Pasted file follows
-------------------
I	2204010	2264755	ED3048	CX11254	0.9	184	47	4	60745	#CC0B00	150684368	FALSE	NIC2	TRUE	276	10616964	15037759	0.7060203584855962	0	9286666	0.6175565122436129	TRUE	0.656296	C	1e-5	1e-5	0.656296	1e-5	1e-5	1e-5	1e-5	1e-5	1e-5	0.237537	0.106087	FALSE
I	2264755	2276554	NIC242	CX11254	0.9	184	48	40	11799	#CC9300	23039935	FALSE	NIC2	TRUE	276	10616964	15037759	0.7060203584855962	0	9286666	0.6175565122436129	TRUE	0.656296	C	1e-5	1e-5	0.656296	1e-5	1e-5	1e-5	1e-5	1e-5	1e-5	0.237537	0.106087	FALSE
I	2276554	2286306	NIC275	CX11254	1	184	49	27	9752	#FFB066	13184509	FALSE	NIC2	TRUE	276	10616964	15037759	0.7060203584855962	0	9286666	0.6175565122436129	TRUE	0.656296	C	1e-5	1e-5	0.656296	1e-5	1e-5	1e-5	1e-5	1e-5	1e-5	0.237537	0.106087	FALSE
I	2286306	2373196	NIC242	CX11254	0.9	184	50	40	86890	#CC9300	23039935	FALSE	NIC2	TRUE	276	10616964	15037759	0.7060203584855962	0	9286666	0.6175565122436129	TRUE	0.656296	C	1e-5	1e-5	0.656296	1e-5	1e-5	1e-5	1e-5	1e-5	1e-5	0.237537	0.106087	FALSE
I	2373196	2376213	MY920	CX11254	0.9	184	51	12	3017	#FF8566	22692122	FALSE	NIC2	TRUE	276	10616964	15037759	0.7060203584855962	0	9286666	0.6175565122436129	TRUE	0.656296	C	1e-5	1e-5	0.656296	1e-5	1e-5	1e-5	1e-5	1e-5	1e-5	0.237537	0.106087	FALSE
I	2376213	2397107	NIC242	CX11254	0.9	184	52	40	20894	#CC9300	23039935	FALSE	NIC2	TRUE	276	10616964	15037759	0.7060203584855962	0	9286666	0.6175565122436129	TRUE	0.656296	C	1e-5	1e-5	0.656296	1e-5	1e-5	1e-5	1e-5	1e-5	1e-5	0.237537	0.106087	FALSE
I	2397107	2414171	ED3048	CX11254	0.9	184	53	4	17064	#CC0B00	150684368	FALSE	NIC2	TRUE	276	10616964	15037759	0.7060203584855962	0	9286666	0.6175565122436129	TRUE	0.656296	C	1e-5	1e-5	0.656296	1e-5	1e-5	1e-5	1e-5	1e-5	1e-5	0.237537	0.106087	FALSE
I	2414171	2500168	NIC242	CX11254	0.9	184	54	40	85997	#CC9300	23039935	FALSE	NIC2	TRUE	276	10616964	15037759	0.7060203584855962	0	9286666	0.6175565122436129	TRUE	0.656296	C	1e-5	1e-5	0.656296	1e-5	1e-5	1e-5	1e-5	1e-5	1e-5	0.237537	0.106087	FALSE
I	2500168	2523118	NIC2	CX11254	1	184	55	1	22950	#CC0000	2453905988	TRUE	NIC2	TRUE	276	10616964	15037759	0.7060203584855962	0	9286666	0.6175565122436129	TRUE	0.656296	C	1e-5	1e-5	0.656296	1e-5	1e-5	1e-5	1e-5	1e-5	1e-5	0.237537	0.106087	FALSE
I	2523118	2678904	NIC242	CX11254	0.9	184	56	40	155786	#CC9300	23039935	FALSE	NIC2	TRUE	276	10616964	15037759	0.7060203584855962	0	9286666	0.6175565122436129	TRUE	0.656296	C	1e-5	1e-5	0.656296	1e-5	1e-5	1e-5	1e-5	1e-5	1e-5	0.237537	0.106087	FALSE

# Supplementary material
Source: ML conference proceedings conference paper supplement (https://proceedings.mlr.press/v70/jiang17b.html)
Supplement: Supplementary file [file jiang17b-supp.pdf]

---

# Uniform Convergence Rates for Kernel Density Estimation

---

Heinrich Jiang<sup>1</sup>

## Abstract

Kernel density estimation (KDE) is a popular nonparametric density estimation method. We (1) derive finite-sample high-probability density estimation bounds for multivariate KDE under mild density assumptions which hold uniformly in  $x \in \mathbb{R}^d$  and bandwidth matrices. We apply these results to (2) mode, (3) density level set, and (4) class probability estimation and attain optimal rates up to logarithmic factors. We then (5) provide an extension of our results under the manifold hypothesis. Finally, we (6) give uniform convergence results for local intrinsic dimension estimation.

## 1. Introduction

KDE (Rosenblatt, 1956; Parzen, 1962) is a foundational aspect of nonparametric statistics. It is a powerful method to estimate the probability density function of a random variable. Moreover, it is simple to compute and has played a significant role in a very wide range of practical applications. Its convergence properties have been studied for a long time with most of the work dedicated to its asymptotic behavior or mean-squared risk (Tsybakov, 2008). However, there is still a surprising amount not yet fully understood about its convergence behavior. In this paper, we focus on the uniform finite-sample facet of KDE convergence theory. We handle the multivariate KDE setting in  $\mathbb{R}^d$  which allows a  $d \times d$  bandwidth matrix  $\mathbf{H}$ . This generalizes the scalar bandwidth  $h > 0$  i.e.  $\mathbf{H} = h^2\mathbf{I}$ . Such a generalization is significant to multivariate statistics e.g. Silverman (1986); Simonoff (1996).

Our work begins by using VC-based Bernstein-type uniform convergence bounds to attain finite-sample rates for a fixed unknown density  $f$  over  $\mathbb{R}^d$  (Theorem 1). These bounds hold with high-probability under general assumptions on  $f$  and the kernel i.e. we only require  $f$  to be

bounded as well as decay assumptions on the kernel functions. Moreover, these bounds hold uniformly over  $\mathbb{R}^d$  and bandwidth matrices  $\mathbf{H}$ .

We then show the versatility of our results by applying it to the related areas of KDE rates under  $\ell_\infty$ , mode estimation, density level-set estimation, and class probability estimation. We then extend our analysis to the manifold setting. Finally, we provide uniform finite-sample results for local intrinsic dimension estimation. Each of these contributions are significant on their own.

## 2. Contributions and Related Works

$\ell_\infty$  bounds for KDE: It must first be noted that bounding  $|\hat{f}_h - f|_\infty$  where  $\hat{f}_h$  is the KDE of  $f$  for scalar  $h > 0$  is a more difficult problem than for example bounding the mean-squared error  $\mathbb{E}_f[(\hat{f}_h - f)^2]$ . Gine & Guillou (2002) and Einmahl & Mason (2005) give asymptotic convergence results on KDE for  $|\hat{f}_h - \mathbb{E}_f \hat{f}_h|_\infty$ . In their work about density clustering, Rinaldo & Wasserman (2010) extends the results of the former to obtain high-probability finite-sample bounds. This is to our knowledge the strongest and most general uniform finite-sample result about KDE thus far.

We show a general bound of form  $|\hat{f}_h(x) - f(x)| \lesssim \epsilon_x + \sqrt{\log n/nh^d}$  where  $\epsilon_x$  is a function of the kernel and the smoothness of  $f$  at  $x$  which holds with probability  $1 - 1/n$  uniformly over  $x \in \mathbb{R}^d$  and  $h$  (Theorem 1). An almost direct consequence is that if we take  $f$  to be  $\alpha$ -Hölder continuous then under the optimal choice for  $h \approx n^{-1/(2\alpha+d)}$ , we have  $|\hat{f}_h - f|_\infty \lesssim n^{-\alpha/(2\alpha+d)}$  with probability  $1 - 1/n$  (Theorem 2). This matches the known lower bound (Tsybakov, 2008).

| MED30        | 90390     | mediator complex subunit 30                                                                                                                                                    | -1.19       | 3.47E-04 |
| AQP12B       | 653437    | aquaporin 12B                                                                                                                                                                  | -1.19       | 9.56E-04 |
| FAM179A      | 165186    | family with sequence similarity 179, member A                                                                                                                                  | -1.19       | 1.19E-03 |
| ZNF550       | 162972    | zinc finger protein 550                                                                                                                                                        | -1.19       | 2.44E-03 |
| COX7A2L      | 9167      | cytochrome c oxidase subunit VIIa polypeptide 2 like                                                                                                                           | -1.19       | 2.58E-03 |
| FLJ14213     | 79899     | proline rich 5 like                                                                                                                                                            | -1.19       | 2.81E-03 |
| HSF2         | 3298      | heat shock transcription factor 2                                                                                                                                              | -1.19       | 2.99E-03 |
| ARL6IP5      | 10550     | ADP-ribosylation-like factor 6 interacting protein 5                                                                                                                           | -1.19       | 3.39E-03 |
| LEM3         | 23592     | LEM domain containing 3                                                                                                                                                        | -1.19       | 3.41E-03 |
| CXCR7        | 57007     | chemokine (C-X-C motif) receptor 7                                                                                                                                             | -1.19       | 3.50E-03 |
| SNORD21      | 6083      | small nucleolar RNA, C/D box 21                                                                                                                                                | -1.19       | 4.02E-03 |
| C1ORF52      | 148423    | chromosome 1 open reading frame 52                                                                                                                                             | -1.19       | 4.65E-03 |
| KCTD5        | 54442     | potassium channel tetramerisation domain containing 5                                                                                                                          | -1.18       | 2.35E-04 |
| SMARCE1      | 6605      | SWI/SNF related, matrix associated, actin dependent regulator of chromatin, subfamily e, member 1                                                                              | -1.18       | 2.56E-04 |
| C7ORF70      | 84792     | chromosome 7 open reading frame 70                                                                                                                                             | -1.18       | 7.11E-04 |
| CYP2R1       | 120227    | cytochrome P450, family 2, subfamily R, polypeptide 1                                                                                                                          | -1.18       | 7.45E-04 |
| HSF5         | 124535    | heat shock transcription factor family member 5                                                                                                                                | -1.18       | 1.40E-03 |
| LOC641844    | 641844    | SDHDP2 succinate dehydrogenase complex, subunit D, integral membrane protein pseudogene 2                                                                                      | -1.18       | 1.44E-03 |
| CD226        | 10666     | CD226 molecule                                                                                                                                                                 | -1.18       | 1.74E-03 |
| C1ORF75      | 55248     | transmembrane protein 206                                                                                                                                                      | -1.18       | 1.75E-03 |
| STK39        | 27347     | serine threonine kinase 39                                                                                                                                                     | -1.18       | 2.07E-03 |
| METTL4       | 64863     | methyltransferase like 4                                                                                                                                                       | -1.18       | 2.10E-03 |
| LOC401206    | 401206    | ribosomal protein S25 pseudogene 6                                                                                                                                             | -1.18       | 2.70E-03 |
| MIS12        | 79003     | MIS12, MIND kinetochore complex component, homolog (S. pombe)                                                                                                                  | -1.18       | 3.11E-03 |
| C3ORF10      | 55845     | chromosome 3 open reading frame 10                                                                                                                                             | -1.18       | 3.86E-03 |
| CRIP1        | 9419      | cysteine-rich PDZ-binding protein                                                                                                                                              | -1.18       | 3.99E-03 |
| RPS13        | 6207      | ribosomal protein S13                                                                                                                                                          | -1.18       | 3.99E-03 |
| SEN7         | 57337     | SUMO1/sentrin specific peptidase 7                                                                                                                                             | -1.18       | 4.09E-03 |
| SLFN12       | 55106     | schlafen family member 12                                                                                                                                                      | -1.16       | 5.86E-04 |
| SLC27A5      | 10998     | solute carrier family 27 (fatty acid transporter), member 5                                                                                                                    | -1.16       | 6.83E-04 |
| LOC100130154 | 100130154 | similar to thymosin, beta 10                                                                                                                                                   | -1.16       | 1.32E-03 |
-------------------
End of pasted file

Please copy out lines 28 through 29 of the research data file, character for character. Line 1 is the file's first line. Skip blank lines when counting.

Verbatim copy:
| MED30        | 90390     | mediator complex subunit 30                                                                                                                                                    | -1.19       | 3.47E-04 |
| AQP12B       | 653437    | aquaporin 12B                                                                                                                                                                  | -1.19       | 9.56E-04 |